SEC Releases Final Clawback Rules

October 27, 2022

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On October 26, 2022, the Securities and Exchange Commission (“SEC” or “Commission”), in a 3-to-2 vote, adopted final rules that will require listed companies to implement policies for recovery (i.e., “clawback”) of erroneously awarded incentive compensation, implementing Section 10D of the Securities Exchange Act, which was added by Section 954 of the Dodd-Frank Wall Street Reform and Consumer Protection Act (the “Dodd-Frank Act”).[1]  The SEC originally proposed clawback rules on July 14, 2015,[2] but the proposed rules remained dormant until October 14, 2021, when the SEC reopened the comment period[3] (and which was reopened for a second time on June 8, 2022).[4]  The final rules add new Exchange Act Rule 10D-1 (“Rule 10D-1”), which largely tracks the long-pending proposed rules but also incorporate terms previewed in the 2021 release reopening the comment period.

Rule 10D-1 directs the national securities exchanges to establish listing standards that require issuers to adopt and comply with written clawback policies meeting strict conditions:

  • The clawback policy must provide that, in the event the company is required to prepare an accounting restatement due to the material noncompliance of the company with any financial reporting requirement under the federal securities laws, the company will recover (on a pre-tax basis) the amount of incentive-based compensation received by its current and former executive officers in excess of the amount of incentive-based compensation that would have been received had it been determined based on the restated amount, subject to limited exceptions.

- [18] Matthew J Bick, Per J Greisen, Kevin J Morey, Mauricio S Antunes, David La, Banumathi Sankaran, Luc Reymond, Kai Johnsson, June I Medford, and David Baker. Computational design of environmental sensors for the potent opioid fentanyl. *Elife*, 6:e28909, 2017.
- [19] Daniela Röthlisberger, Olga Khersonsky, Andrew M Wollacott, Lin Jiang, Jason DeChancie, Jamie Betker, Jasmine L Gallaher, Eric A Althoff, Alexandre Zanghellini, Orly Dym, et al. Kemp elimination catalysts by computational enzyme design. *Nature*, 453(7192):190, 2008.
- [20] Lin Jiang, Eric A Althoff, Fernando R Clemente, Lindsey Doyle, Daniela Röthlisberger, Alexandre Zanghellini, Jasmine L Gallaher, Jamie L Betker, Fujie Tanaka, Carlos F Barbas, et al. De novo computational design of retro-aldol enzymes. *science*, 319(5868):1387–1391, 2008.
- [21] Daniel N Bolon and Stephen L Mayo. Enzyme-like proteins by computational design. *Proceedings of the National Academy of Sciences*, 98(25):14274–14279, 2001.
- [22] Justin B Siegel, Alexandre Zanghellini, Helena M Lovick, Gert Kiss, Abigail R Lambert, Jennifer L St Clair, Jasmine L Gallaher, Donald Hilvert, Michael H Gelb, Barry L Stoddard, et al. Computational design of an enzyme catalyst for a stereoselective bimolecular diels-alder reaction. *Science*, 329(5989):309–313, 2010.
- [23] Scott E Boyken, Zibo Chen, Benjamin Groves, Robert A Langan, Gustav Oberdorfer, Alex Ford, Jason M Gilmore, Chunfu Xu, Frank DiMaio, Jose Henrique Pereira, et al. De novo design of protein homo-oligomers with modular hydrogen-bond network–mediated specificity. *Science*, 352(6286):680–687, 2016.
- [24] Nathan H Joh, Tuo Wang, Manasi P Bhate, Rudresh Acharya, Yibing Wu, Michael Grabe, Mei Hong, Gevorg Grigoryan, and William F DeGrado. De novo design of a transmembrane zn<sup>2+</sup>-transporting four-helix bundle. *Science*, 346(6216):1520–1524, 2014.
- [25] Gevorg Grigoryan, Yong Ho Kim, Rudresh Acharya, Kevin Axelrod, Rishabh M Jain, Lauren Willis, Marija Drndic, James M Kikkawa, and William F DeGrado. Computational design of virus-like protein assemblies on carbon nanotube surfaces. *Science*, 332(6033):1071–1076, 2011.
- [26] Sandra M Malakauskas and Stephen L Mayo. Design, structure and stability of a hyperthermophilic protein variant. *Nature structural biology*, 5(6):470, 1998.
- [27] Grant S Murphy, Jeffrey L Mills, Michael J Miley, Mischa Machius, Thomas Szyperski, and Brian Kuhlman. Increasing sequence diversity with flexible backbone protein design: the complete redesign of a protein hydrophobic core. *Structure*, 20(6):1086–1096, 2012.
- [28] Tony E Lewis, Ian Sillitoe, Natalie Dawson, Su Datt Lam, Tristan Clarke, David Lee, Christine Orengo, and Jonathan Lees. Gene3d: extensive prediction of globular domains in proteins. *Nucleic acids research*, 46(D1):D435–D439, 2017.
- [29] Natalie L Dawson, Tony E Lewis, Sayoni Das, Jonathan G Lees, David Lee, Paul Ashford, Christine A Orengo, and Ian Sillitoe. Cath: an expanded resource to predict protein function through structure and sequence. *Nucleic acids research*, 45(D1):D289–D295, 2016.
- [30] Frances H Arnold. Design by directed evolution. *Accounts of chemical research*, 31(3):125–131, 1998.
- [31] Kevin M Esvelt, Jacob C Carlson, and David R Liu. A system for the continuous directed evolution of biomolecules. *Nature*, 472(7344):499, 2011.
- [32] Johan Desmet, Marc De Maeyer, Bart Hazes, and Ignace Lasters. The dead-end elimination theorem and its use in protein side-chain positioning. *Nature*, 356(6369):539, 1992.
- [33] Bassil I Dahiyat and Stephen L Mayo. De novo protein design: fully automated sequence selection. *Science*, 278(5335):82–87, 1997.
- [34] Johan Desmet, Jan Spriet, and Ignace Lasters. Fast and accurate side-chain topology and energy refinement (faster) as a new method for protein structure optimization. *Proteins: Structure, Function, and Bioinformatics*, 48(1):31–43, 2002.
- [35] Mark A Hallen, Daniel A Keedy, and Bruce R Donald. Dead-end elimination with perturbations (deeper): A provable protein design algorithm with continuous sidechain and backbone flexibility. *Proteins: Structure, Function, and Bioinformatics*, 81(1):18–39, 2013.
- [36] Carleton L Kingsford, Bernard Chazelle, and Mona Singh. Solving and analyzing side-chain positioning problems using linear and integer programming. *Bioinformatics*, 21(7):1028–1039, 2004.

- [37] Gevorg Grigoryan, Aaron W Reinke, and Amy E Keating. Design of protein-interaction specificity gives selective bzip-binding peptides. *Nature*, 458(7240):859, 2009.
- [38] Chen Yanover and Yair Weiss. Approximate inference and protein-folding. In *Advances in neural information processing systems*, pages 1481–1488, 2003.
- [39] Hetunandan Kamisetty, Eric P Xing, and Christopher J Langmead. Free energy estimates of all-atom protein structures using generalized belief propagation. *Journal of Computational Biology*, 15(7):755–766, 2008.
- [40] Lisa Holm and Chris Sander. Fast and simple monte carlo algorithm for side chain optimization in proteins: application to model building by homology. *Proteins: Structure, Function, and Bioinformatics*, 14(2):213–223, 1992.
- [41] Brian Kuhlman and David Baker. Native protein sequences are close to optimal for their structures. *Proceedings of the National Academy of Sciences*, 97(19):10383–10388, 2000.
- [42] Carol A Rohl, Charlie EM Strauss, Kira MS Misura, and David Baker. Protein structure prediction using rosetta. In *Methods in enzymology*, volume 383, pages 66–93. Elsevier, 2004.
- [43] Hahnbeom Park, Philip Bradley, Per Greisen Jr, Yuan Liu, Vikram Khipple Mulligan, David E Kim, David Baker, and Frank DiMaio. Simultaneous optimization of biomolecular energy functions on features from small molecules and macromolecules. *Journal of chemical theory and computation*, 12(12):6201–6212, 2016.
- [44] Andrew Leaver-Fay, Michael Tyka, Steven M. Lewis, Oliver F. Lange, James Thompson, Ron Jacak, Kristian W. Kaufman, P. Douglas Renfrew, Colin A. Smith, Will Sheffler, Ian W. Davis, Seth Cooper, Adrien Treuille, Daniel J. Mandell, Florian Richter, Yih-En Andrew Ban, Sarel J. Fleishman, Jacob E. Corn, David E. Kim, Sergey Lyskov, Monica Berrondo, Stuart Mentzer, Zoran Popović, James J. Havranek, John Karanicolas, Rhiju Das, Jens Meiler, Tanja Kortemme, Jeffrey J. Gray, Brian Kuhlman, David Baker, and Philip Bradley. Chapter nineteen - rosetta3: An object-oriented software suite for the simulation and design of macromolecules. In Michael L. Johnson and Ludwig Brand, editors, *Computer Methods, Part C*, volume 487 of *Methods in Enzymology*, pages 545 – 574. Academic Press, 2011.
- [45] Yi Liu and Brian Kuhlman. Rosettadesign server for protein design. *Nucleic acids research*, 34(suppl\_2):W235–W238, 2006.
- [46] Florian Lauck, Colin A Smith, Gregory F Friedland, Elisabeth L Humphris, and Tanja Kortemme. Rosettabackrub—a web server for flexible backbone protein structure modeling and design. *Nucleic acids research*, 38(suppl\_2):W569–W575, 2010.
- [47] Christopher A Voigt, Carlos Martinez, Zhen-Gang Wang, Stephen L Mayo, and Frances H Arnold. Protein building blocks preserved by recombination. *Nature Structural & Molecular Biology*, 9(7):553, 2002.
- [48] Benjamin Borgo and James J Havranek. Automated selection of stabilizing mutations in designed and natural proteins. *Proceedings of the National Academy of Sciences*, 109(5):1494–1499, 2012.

• Compensation recoupment is required regardless of whether the executive officer engaged in any misconduct and regardless of fault.
  • The policy must apply to compensation “received”—which is defined as occurring when the financial reporting measure was attained regardless of when payment is actually made—during the three-year “recovery period” preceding the date the company is required to prepare the accounting restatement (the three-year period was mandated by the Dodd-Frank Act).
  • The clawback policy must apply both to material accounting errors that require a restatement of prior years’ financial results (commonly known as “Big R” restatements), as well as to errors that are corrected in the current year’s results (commonly known as “little r” restatements).

In addition, the final rules require companies to file a copy of their policy as an exhibit to their Form 10-K, 20-F, 40-F or N-CSR, as applicable, and to publicly disclose how they have applied the policy whenever they experience a restatement.  Rule 10D-1 also requires that issuers add two checkboxes to the cover page of their 10-Ks (or 20-Fs or 40-Fs):  one checkbox to indicate whether the financial statements included in the filing reflect the correction of an error to previously issued financial statements, and one to indicate whether any of the error corrections require a recovery analysis under the company’s Rule 10D-1 clawback policy.